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How do historians know about the past?

Updated Friday, 30 August 2019
How do historians know about the past? What are primary and secondary sources? Find out with our short animations. 

Video 1: How do historians know about the past?

How do historians know about the past? For example, who invented the first modern day steam locomotive? Well, we know that was Robert Stephenson and his Stephenson’s Rocket locomotive built in 1829.

How do we know this? We have the letters Robert wrote to his friend Henry Booth where he describes the initial testing of The Rocket locomotive. Then there are written accounts of the Rainhill Trials, the grand competition that The Rocket was designed and built for. We have printed handbills of the contest which show images of the locomotives involved including The Rocket. And newspapers with first-hand reports on the day’s events.

Historians can then take all these and consider them alongside other relevant information they have, such as books by other authors, specialist articles and even looking at the artefacts themselves. In this case, the original Stephenson’s Rocket has been preserved and is on display at the London Science museum.

Historians can also share and discuss information they found with other historians, who in turn can go on and share what they’ve learned with others. 

Video 2: What is a primary source?


How do historians know about the past? What is a primary source?

Well, primary sources arise from the period being studied, such as government documents, private letters, newspaper reports, diaries, eye-witness accounts and so on.

As an example, let’s look at some primary source material from the Peterloo Massacre of 1819.

In Manchester on the morning of August 16th, 1819, a peaceful mass meeting was called by pro-democracy and anti-poverty protesters to demand the vote. The speaker was famed orator Henry Hunt who addressed the 60,000 strong crowd about reforms.

The authorities thought the meeting was treasonous and an arrest warrant was issued for Henry Hunt in a bid to halt the protesting. When the protestors refused to stop the authorities ordered the yeomanry to disperse the crowd.

Several people in the crowd were killed and hundreds more wounded by the charging Hussars and infantry men. The historical event produced a wide range of primary source material and it’s the historian’s job to study all these to find out what happened.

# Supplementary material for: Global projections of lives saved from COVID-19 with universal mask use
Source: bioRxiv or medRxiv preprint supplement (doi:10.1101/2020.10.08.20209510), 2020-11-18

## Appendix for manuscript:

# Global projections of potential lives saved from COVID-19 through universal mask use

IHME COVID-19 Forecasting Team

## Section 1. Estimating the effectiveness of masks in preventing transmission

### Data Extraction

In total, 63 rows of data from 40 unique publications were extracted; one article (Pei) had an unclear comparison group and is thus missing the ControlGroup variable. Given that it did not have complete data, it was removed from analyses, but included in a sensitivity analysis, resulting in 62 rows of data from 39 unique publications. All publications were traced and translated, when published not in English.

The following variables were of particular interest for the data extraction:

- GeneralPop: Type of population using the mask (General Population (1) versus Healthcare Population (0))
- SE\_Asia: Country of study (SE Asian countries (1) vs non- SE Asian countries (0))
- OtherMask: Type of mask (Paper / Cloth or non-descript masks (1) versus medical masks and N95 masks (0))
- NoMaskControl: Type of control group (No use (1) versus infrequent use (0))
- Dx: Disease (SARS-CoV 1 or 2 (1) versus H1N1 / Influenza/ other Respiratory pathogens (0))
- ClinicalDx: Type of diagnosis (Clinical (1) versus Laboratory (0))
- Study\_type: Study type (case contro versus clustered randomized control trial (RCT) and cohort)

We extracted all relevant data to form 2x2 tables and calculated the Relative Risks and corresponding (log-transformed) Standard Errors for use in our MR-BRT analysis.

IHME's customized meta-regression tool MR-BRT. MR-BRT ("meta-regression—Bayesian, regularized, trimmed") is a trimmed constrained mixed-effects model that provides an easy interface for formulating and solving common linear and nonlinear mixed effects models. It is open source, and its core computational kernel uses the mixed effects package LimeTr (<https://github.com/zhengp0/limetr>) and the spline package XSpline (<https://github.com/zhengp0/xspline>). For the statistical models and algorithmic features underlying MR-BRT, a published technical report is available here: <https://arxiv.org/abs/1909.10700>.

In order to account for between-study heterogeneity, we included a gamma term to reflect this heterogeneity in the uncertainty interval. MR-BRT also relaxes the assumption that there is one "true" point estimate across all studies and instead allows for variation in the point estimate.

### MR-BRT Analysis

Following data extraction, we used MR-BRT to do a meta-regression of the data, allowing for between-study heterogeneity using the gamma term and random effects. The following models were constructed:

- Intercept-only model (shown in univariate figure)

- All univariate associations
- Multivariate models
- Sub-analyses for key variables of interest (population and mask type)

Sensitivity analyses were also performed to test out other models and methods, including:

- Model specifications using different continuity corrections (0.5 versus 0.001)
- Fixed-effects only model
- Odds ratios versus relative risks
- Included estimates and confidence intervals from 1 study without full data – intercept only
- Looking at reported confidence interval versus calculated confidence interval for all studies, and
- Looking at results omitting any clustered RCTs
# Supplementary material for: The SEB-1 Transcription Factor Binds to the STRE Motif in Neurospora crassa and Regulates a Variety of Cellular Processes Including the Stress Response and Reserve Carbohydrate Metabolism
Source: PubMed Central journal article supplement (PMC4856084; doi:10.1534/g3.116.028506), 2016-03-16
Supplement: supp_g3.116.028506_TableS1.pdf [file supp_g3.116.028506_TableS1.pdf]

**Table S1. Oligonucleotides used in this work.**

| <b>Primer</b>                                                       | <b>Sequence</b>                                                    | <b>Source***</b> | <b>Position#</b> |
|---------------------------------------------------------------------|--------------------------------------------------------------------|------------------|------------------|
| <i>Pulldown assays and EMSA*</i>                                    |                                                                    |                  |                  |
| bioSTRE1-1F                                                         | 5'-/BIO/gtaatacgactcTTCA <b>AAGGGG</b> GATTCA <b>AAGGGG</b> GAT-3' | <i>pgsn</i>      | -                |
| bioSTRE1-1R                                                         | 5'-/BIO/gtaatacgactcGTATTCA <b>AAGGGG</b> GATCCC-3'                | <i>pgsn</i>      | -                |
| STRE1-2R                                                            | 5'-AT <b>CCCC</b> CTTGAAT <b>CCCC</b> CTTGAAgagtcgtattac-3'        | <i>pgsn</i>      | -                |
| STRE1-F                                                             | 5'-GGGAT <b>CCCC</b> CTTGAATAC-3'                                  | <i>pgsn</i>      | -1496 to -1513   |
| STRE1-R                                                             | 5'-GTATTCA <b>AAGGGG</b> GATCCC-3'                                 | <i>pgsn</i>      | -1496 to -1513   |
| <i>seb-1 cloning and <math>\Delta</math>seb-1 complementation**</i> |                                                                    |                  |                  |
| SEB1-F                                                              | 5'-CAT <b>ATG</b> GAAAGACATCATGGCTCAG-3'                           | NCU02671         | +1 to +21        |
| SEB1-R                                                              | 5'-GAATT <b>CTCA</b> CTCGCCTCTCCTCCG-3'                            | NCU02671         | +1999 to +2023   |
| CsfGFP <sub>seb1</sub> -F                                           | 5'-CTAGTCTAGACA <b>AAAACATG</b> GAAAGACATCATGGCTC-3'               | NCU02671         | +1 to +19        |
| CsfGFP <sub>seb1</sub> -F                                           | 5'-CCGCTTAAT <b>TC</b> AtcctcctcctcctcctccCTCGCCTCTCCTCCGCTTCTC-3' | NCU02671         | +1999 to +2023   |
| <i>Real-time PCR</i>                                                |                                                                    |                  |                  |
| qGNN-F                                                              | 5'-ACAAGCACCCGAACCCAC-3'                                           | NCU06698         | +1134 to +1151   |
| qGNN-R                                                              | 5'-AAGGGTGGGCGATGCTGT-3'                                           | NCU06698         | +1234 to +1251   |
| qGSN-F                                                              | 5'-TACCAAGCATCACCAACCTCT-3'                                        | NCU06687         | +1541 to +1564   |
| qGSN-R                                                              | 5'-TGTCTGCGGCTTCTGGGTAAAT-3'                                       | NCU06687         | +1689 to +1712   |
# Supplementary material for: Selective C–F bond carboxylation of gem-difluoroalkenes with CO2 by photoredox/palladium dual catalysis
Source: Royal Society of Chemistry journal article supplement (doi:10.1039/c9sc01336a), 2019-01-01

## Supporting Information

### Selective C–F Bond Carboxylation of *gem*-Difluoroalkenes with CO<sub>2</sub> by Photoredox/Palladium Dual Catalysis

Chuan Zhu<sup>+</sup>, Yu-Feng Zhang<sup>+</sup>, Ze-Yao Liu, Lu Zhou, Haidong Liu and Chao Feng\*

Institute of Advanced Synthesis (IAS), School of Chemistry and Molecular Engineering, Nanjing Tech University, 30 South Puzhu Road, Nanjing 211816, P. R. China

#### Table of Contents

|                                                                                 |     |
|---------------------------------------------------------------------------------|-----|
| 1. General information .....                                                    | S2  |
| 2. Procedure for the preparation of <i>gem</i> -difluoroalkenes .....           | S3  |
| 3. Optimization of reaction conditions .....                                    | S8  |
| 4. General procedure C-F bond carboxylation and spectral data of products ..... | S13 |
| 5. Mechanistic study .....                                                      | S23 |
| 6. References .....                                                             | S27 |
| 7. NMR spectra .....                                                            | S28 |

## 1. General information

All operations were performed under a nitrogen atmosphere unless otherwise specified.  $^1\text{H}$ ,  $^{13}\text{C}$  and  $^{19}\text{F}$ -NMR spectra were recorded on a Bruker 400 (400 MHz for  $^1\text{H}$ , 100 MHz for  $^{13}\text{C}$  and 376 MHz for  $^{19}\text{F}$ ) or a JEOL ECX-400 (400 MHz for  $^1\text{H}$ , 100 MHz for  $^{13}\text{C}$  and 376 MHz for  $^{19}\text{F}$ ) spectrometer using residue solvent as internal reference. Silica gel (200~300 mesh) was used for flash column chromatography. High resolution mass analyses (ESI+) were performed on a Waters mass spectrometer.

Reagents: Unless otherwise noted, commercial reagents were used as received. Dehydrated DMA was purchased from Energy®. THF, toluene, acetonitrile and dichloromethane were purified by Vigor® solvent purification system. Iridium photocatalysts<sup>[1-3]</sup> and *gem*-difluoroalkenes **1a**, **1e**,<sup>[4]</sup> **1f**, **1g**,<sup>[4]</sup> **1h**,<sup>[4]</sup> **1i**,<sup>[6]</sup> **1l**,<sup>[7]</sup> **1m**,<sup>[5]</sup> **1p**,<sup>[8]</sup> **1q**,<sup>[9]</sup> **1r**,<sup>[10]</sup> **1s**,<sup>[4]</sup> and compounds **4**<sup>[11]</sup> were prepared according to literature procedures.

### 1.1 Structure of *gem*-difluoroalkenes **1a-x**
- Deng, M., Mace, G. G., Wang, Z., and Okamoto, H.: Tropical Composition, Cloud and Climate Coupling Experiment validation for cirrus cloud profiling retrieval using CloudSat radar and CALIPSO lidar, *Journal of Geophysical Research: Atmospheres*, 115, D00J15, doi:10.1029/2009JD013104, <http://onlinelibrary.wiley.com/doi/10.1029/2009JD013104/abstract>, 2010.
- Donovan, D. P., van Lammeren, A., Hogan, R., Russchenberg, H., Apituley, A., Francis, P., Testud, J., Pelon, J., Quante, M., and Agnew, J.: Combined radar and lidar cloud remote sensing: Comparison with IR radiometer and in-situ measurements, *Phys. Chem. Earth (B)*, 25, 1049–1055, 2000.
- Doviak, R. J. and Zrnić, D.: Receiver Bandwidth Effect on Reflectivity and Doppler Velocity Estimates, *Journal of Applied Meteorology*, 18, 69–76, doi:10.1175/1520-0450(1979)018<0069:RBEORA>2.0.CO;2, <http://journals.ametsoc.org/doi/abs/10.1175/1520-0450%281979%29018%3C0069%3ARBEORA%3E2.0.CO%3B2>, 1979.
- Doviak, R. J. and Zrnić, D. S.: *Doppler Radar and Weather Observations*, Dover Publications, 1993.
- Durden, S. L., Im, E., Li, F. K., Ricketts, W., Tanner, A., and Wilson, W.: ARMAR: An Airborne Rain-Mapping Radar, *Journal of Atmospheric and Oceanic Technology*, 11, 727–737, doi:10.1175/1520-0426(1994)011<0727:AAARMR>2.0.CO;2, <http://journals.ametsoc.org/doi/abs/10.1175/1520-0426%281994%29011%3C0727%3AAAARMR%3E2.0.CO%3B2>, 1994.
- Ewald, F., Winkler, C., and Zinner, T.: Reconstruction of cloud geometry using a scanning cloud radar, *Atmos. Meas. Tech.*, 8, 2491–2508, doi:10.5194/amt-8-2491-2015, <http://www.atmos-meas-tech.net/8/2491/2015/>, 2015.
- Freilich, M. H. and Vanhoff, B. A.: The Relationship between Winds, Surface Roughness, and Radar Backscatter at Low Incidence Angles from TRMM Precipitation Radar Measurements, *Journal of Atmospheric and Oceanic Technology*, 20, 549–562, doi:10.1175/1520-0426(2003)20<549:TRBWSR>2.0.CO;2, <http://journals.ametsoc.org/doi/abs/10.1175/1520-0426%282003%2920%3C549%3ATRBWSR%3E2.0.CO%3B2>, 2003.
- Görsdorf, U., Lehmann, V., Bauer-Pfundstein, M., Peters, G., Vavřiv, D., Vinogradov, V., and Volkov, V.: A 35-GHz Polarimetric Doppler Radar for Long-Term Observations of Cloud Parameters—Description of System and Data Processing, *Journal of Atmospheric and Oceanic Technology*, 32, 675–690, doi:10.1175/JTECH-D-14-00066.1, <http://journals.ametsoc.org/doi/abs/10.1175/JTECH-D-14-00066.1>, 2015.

Video 3: What is a secondary source?

How do historians know about the past? What is a secondary source?

Well, secondary sources arise after the period being studied. There are lots of different kinds of secondary sources, partly because historians don’t always approach their topics in the same way every time, and partly because 'secondary source' is a very broad category.

As an example, let’s look at the arrival of the Metropolitan Police in 1829 and the sorts of secondary source material that has been produced about them. There are many specialist books about the history of the Met and how they were formed by the then Home Secretary Sir Robert Peel.

Books about criminal justice, in general, can also offer insights into why the Met was formed. Historians have also written about detailed aspects of the Met’s development, such as the history of their uniform and how it’s changed over the years.

We can also find entries in reference dictionaries and encyclopaedias describing amongst other things famous Met cases involving criminals like Dr Crippen and the Kray twins.

The Metropolitan Police have even written up their history from their point of view on their own website. All these along with hundreds of other books and articles written by journalists, biographers and amateur authors are classed as secondary sources too.

Historians can use the wide range of secondary source material to answer lots of questions. But writing history is a complicated process. Different authors will have differing views and opinions on the same subject. 

Thinking of taking it further?

If you want to study history at university level, the free course 'Taking your first steps in Higher Education' or the introductory module 'Arts and languages access module' can help you to decide which path to take and prepare you for study.

You can study history at The Open University through BAs in HistoryHumanities, or the Open BA, all of which are best begun via the module ‘The Arts Past and Present.


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